I use almost exclusively so-called TNT (Tried aNd True) patterns, patterns I have used over and over where I know that the result will be a success. It makes sewing quick and easy and my wardrobe preferences are very much simple styles anyway. Good on you, sewist who are adventurous and like to try out the new and unusual, or who are keen to stretch your skills. I salute you and I admire you, but you are a foreign species to me.

There are those focused on detail, and those who see only the big picture. I am the latter, what matters to me is the look of the whole outfit. That needs to look professional, but the individual sewing techniques used to achieve this don’t matter much to me. I know I can do welt pockets if required, but my ambitions vere off into different directions entirely.

But back to TNT patterns. I have 3-4 top or tunic patterns, 3 dress patterns, 2 pants and 2 skirt patterns that are my staples. I sew something most weekends, so I have quite a few of each, but the fabrics make all the difference and only other sewists would notice that I use patterns over and over. As we are a rare breed these days there are not many in my real world orbit. Most non-sewing people would see it as personal style.

But sometimes I use a pattern so much, because it is stylish, flattering, economical with fabric, quick to make and oh, so very useful to sew down what I have in my stash, that even I have to admit that I have done it to death. Alas, my self-developed tunic pattern, with a swing hemline and side vents has been a firm favourite this past year summer and winter for both wovens and knits, and consequently is now in that category. I have posted about it here, here and here. May it rest now in peace.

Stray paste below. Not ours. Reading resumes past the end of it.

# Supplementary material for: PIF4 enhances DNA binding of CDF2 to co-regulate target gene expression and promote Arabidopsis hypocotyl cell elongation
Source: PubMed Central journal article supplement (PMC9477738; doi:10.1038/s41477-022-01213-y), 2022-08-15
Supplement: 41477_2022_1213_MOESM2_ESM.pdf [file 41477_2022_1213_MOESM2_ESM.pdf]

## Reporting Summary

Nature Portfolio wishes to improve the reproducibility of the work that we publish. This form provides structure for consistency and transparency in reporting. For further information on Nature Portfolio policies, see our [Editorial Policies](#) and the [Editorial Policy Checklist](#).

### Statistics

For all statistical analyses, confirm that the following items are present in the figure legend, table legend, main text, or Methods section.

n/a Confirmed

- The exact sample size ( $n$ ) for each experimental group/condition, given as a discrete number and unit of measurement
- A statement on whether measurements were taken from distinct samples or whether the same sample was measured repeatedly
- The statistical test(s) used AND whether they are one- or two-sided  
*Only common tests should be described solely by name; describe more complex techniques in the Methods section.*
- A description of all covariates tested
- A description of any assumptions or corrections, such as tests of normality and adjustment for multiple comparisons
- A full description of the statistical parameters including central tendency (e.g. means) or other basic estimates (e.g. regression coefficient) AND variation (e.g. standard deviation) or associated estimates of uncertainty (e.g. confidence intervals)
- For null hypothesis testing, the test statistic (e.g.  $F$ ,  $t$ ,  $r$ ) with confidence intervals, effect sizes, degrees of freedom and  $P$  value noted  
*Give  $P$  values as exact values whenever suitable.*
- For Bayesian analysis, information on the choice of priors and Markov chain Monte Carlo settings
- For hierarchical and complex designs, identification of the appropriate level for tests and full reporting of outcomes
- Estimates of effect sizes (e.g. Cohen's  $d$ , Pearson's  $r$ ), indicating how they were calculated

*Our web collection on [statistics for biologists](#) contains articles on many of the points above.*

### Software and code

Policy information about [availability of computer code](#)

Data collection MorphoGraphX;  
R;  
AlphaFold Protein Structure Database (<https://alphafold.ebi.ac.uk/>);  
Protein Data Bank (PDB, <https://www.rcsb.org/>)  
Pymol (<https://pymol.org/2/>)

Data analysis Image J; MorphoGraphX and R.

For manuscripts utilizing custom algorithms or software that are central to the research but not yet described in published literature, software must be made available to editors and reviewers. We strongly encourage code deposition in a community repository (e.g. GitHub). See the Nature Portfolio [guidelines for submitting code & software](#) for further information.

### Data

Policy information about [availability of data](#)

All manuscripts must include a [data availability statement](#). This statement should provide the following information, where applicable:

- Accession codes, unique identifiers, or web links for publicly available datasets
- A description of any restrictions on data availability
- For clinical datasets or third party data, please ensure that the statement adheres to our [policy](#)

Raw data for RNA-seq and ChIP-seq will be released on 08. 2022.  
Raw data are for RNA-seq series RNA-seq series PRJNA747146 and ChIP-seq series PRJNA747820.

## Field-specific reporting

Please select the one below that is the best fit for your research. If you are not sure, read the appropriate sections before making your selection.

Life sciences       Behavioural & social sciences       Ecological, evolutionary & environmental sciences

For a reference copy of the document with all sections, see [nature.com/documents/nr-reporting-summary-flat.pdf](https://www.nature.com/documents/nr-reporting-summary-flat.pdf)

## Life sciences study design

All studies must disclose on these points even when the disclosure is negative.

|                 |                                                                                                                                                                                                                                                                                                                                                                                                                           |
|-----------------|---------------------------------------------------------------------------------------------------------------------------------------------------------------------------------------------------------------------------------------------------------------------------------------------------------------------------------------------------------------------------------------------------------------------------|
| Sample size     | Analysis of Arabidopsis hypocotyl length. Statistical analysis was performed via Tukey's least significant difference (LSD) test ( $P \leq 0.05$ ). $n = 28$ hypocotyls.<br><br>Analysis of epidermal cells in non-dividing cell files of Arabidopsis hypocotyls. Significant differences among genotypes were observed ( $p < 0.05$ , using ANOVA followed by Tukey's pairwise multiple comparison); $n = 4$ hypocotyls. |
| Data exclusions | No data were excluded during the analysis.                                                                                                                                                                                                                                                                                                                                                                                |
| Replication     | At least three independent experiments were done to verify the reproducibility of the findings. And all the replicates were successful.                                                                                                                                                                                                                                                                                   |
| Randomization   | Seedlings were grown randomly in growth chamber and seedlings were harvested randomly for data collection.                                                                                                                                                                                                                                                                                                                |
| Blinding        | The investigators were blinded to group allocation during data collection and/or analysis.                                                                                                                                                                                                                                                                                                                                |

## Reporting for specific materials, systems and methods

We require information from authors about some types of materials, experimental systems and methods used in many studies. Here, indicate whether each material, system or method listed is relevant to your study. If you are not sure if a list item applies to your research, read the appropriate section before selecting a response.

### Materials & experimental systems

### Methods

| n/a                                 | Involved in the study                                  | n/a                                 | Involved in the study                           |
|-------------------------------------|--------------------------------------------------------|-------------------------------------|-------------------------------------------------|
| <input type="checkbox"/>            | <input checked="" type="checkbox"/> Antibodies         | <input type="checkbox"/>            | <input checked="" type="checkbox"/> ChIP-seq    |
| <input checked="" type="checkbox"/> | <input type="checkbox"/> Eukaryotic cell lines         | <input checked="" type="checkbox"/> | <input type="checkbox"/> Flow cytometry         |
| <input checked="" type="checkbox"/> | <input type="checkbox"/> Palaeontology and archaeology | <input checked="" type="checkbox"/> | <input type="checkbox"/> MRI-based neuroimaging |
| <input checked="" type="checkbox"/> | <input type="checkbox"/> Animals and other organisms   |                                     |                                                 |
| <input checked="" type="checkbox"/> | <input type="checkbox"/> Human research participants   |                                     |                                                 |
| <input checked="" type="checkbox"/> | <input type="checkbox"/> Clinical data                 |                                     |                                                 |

Thankfully I have found a couple of patterns for tops that have sparked my imagination and may take its place. A little early to tell, I need to see how much I like wearing them over time.  They are both Tessuti patterns, who are one of my very favourite pattern makers. Quite a few of their patterns have been absolute gems, like the Eva and Lily dresses, the Jac shirt and the Fave Top. The latter in particular has been an obsession, that has now thankfully passed, but not before I made a gazillion versions in every conceivable fabric. My summer wardrobe is still full of them.

The Tessuti Mandy top has now captured my interest. It is still in my preferred oversized style, but a little more restrained than some of my wilder flights of fancy when I was in the grip of Tina Givens and Co.


The Tessuti Hazelwood top is not so much oversized as swing, a little short, but I love the look. Time will tell if I feel comfortable wearing it, and I’m sure I never will with skinny pants as pictured. I usually like to hide my bum as much as possible, and the new wide, cropped pants or culottes this might be a better option for me.



So watch this space for my version of these two. They would make a nice canvas for block printing too.

A Day in Taipei


I might have mentioned before, probably several times, that I visit my family in Austria every year. It’s a looong flight to Europe from Australia, which can’t be done in one go. That is fortunate, because 20 hours straight on a plane beggars the imagination, even for Aussies who are used to long flights. If you want to live in Australia you have to accept that the rest of the world is a long way away and if you want to go there you will be on a plane for many hours.

I always try to organise a stopover, because even with a fuel stop, getting off one long haul flight and straight onto the next is the pits. Much better to get a few hours sleep in a real bed in between, and if there is time to do a little sightseeing, that is even better again. This time I went via Taipei and had 18 hours to play with, getting in at 5am and flying out just after 11pm. I don’t know about you, but an overnight flight always leaves me with a burning desire to sleep in a real bed, so I had booked into one of the airport hotels for a nap. The airport Novotel is only 4 stars, but I was left to wonder why, as I can’t see how a hotel could be much better. Everything looked very new, or extremely well maintained if it wasn’t, and apart from a luxurious bathroom and comfy bed, this is what awaited me when I got to my room.


No getting lonely in your hotel room with that giant panda for company!